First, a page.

The primary objective of the EB-5 program is job creation. There are multiple ways for EB-5 investments to accomplish this goal and several types of jobs that qualify as countable. Here we examine how construction and operations jobs are calculated and the documentation investors must furnish to prove they were created according to program requirements.
Calculating EB-5 Construction Jobs
An economist calculates construction jobs using an accepted methodology such as the RIMS II input-output model. The model generates a final demand multiplier, a number typically between 12 and 14 that represents how many jobs are created for each million dollars spent. This multiplier is applied to construction expenses to calculate job creation.
Besides the final demand multiplier, these variables should be taken into account:
In order to count direct construction jobs, the EB-5 project’s construction must last for at least two years. Only indirect and induced jobs count when construction takes less than two years.
The construction’s duration extends from the start of digging to the issuance of the certificate of occupancy (or the beginning of building use, for manufacturing facilities). If there is no waiting time between demolition and the start of construction, demolition may be included in the construction time.
USCIS requires construction projects that are expected to take more than two years to provide a schedule of predicted monthly costs with the I-526.
Not all expenses qualify as factors in EB-5 job creation. The criterion for eligibility is whether or not the expense stimulates the local economy. Soft costs such as fees for architecture, engineering, testing, and design are eligible, while a few hard costs, such as construction fees and contingencies, are ineligible.
Most USCIS adjudicators allow inclusion of hard costs related to general conditions, but many do not consider soft costs associated with building permits and fees, insurance, utility connection fees, taxes, marketing, or finance charges eligible.
Soft costs, hard costs, and furniture, fixtures, and equipment (FF&E) use different multipliers and are calculated independently.
Adjustment for Inflation
Inflation results in higher costs over time, but the multipliers and coefficients generated by the input-output models are usually based on data from several years prior. Using deflation figures supplied by the U.S. Bureau of Labor Statistics, the economist will need to align the dollar values of the current and future costs with the dollar values of the data to accurately calculate the final demand multiplier.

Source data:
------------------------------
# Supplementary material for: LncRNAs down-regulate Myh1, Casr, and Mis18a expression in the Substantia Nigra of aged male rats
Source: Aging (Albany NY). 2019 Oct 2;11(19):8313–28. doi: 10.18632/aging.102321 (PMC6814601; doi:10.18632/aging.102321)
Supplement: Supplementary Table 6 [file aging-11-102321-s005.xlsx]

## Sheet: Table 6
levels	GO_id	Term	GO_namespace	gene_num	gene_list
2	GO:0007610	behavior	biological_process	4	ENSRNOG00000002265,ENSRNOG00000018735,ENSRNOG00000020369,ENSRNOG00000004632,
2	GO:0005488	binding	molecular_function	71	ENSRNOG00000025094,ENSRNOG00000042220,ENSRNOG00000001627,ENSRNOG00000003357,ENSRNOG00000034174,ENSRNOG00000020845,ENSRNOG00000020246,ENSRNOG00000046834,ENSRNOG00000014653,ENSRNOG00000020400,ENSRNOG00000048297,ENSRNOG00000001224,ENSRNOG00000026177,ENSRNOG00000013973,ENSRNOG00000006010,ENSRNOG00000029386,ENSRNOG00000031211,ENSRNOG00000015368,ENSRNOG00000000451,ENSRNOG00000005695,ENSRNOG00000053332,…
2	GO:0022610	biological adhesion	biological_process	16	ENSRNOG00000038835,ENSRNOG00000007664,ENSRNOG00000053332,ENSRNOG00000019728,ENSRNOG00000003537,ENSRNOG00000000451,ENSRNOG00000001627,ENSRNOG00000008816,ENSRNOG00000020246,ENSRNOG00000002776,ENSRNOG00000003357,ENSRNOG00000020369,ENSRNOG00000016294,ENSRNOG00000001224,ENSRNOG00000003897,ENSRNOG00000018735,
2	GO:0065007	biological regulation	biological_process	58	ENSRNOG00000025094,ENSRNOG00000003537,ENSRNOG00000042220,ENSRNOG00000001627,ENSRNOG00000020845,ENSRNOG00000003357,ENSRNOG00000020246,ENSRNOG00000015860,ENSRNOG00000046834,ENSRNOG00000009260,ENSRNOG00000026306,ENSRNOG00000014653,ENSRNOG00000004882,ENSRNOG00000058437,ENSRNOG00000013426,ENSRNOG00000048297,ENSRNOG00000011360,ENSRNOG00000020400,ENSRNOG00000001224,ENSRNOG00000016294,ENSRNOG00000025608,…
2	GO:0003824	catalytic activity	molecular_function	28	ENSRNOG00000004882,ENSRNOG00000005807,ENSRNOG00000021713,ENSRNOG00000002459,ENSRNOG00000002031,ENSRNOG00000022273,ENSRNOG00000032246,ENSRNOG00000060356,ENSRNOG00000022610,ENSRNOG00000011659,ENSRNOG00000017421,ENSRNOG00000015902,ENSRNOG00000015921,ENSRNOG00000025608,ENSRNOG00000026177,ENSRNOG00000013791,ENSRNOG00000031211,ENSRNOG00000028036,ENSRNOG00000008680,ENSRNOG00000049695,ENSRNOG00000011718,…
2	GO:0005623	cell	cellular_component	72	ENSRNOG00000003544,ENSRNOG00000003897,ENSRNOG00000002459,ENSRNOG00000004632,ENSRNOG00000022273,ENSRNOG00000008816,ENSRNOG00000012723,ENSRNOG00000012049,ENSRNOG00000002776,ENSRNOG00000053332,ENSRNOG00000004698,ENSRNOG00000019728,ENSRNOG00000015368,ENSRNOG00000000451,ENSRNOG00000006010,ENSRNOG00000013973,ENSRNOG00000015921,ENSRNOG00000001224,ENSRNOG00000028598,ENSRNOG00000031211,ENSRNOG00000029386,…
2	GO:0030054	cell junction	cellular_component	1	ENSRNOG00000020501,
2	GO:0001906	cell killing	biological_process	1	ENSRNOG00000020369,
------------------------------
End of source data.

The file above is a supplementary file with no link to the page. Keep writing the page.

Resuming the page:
To obtain USCIS approval, the I-526 application must be accompanied by the general contractor’s budget, including itemized construction costs and a per-square-foot cost comparison with similar projects in the area. This comparison must use recent and valid data (such as RSMeans data) to demonstrate that the costs of the project are justifiable.
I-829 approval requires proof in the form of canceled checks, wire transfers, vouchers, or other acceptable documentation to show the investment capital was spent appropriately.
Calculating EB-5 Operations Jobs
There are two ways to arrive at the total number of operations jobs. Since they should give comparable results, petitions that depend on these jobs but don’t generate similar totals using both methods are likely to be rejected by USCIS.
- Revenue method—Deflate revenue from the pro forma income statement to match the economic report, then multiply this value by the final demand multiplier
- Direct jobs method—Count direct jobs, then multiply by the employment multiplier
To demonstrate how operations jobs are estimated using the revenue method, suppose a hotel project expects accommodation will bring in $3 million in revenue per year. Deflating this figure by 8.6% to match the data in the economic analysis gives $2.76 million as the adjusted value. Multiplying this amount by a final demand multiplier of 16.9 gives a total of 46 operations jobs generated by accommodation revenue.